By ELISABETH MALKIN and ANNIE LOWREYPublished: February 25, 2012
At the center of the dispute is the reluctance of cash-rich economies like China and Japan to contribute new money to the International Monetary Fund without a commitment from European countries to expand their own stabilization fund first. The United States has said that it will not contribute new money to the I.M.F.
The issue of that “European firewall” is dominating the discussions here among finance ministers and the heads of central banks of the leading economies.
Treasury Secretary Timothy F. Geithner said Saturday that although European countries had made progress over the past few months in averting a “catastrophic financial failure,” more work was needed to “put in place a stronger, more credible firewall.”
The I.M.F. has announced plans to raise an additional $500 billion in lending resources, to help in Europe and elsewhere. But fund-raising has stalled, as the world waits to gauge the reaction from European officials.
Germany, for one, has indicated that it does not think the firewall should be made bigger at this point. There is concern that additional money might ease pressure on the more indebted countries in the euro zone, such as Spain and Italy, to pull back from commitments to undertake structural changes that will prove painful for their citizens. At the same time, any additional contribution by Germany would need public support at home.
With any resolution unlikely this weekend, countries are expected to continue talks on the firewall at the annual spring I.M.F. meeting in Washington.
The meetings come at the end of a week in which Europe and the I.M.F. approved a bailout plan for Greece of 130 billion euros, or about $173 billion, in return for a new round of austerity measures.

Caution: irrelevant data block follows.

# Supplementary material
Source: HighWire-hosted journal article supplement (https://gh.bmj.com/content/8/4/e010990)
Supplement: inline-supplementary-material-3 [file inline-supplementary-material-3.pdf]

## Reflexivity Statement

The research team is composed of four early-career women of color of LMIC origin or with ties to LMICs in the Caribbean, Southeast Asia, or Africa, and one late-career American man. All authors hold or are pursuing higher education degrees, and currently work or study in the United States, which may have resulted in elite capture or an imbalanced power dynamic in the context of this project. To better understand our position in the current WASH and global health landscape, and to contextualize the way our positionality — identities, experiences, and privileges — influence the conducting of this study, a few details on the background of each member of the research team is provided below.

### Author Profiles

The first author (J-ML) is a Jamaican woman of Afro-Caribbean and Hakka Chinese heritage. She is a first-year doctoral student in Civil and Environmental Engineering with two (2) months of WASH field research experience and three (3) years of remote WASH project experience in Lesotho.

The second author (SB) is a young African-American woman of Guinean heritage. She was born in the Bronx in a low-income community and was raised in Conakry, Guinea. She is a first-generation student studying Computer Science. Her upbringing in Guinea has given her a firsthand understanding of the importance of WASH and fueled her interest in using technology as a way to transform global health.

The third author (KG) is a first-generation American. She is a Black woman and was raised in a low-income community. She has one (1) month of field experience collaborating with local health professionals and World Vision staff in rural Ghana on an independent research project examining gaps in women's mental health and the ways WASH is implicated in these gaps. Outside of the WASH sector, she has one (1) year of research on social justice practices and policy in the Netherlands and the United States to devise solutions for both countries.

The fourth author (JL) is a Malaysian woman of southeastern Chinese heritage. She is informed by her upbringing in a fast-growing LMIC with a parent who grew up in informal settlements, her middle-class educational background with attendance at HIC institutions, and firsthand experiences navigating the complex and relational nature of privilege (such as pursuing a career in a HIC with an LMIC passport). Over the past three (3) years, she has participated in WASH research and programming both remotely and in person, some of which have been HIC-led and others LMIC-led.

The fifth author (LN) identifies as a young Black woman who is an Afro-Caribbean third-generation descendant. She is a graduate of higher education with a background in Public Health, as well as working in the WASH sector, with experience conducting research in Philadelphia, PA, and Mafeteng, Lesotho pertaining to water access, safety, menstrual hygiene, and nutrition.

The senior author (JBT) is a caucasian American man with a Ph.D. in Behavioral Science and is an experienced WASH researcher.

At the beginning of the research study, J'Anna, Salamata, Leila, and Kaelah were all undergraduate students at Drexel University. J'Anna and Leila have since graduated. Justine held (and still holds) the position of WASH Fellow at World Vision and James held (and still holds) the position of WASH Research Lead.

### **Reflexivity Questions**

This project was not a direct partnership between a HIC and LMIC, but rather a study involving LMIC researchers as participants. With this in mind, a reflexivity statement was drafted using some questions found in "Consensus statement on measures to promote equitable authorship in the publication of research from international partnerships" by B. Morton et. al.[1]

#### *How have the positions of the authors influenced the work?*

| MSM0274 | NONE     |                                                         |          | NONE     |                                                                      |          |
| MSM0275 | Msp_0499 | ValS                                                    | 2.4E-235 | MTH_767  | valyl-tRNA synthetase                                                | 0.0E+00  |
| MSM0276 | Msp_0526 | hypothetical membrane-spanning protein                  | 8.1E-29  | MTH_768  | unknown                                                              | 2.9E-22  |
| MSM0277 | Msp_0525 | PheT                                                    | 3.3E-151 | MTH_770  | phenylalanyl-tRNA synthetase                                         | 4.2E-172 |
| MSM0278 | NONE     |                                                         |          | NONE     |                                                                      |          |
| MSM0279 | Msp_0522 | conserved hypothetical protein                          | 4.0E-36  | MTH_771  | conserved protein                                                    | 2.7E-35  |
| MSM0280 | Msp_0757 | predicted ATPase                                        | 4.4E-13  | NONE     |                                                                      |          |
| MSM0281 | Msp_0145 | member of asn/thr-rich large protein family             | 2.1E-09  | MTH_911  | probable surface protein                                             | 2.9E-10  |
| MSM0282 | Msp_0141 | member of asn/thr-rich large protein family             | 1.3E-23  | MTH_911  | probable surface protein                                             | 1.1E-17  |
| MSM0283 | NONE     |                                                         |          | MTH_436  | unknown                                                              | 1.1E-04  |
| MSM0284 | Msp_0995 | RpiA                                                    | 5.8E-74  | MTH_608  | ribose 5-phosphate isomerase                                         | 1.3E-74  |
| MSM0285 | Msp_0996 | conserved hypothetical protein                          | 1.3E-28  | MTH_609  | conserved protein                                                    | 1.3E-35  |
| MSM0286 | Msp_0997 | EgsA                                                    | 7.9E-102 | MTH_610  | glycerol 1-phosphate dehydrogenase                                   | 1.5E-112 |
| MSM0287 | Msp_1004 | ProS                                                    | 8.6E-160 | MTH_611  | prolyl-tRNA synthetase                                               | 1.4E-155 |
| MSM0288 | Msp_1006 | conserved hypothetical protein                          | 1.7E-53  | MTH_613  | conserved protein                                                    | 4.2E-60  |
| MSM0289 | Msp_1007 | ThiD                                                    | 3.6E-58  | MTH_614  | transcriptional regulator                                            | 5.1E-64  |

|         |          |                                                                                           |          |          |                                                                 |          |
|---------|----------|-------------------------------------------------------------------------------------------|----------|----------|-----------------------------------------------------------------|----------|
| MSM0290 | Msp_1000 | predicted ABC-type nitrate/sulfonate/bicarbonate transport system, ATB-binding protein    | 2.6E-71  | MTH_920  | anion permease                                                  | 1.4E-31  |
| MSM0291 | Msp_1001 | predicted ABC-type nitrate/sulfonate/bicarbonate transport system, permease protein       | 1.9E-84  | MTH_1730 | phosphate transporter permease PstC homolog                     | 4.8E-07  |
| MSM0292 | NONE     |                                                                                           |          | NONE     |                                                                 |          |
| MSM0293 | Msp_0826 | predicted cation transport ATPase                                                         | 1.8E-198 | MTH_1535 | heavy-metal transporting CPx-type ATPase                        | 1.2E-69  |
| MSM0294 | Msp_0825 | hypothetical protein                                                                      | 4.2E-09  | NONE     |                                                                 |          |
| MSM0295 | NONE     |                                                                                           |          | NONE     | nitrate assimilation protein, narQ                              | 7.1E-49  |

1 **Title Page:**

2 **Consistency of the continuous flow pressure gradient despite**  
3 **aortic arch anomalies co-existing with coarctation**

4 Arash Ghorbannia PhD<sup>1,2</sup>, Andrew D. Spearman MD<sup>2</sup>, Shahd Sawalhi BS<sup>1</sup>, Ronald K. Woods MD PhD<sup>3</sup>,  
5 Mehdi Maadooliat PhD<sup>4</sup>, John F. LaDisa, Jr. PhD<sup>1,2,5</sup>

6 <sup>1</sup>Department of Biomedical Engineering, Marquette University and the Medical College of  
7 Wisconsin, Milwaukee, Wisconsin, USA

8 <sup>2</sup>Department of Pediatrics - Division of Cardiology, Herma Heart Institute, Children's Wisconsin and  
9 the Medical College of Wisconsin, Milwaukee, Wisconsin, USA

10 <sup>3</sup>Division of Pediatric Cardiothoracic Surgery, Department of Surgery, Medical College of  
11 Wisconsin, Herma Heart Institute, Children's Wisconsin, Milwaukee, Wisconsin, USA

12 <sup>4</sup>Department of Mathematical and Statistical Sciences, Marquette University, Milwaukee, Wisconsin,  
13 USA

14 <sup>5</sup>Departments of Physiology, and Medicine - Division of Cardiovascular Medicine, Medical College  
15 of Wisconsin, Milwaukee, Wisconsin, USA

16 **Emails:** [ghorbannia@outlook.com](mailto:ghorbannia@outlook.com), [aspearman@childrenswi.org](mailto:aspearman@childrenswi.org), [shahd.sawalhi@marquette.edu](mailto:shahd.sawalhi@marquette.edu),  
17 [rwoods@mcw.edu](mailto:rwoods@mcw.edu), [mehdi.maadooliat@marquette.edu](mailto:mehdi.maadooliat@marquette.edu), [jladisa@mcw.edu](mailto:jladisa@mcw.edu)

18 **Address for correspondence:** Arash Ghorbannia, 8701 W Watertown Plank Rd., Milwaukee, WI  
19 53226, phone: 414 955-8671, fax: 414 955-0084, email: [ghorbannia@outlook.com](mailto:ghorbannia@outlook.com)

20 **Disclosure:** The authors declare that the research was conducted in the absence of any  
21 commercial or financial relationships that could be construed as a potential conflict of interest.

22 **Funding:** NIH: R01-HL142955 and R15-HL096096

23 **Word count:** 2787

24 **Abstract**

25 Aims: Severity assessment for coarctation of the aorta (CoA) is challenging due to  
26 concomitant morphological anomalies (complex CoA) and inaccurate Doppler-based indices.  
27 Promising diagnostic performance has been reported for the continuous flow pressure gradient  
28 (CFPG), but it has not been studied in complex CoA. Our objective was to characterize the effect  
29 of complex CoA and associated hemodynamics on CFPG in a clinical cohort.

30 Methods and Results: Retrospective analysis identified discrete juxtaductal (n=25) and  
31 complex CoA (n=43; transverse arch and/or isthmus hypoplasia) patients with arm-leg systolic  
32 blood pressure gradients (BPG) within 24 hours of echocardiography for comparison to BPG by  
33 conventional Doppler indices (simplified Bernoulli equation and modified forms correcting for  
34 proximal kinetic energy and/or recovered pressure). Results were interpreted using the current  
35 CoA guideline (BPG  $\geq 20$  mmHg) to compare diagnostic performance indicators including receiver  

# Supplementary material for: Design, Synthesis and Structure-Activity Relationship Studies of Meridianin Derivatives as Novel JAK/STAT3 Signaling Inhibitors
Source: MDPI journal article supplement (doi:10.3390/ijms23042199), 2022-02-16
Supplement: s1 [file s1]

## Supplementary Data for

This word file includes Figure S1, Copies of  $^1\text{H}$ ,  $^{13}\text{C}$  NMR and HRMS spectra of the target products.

For the Mexican hosts, there was some irony in watching the Europeans wrangle over debt three decades after Mexico helped set off the Latin American debt crisis. After years of painful adjustment, Mexico’s economy now has low debt, well-managed fiscal accounts and an inflation rate that is under control.
Mr. Geithner said that European action to shore up banks and rescue Greece had staved off the short-term crisis, but he warned that more needed to be done. “It’s important not to rest on that progress,” he said, and to acknowledge that it was based “in part on the expectation that there are more actions to come.”
In an interview, Angel Gurría, the secretary general of the Organization for Economic Cooperation and Development and a former finance minister of Mexico, argued that a very strong firewall was needed to prevent the debt crisis from spreading.
“Let’s say a trillion from the Europeans, half a trillion from the I.M.F.,” he said Friday. “You put this kind of money together, and you announce that it’s going to be there, ready to deal with anybody that wants to mess with any other country. I think you’re never going to have to use it.”
Although the European debt crisis is at the center of talks here, countries are also expected to discuss efforts by the European Union and the United States to gain support for sanctions against Iran. The European Union will cut off Iranian oil imports beginning in July in order to put pressure on Tehran over its nuclear program.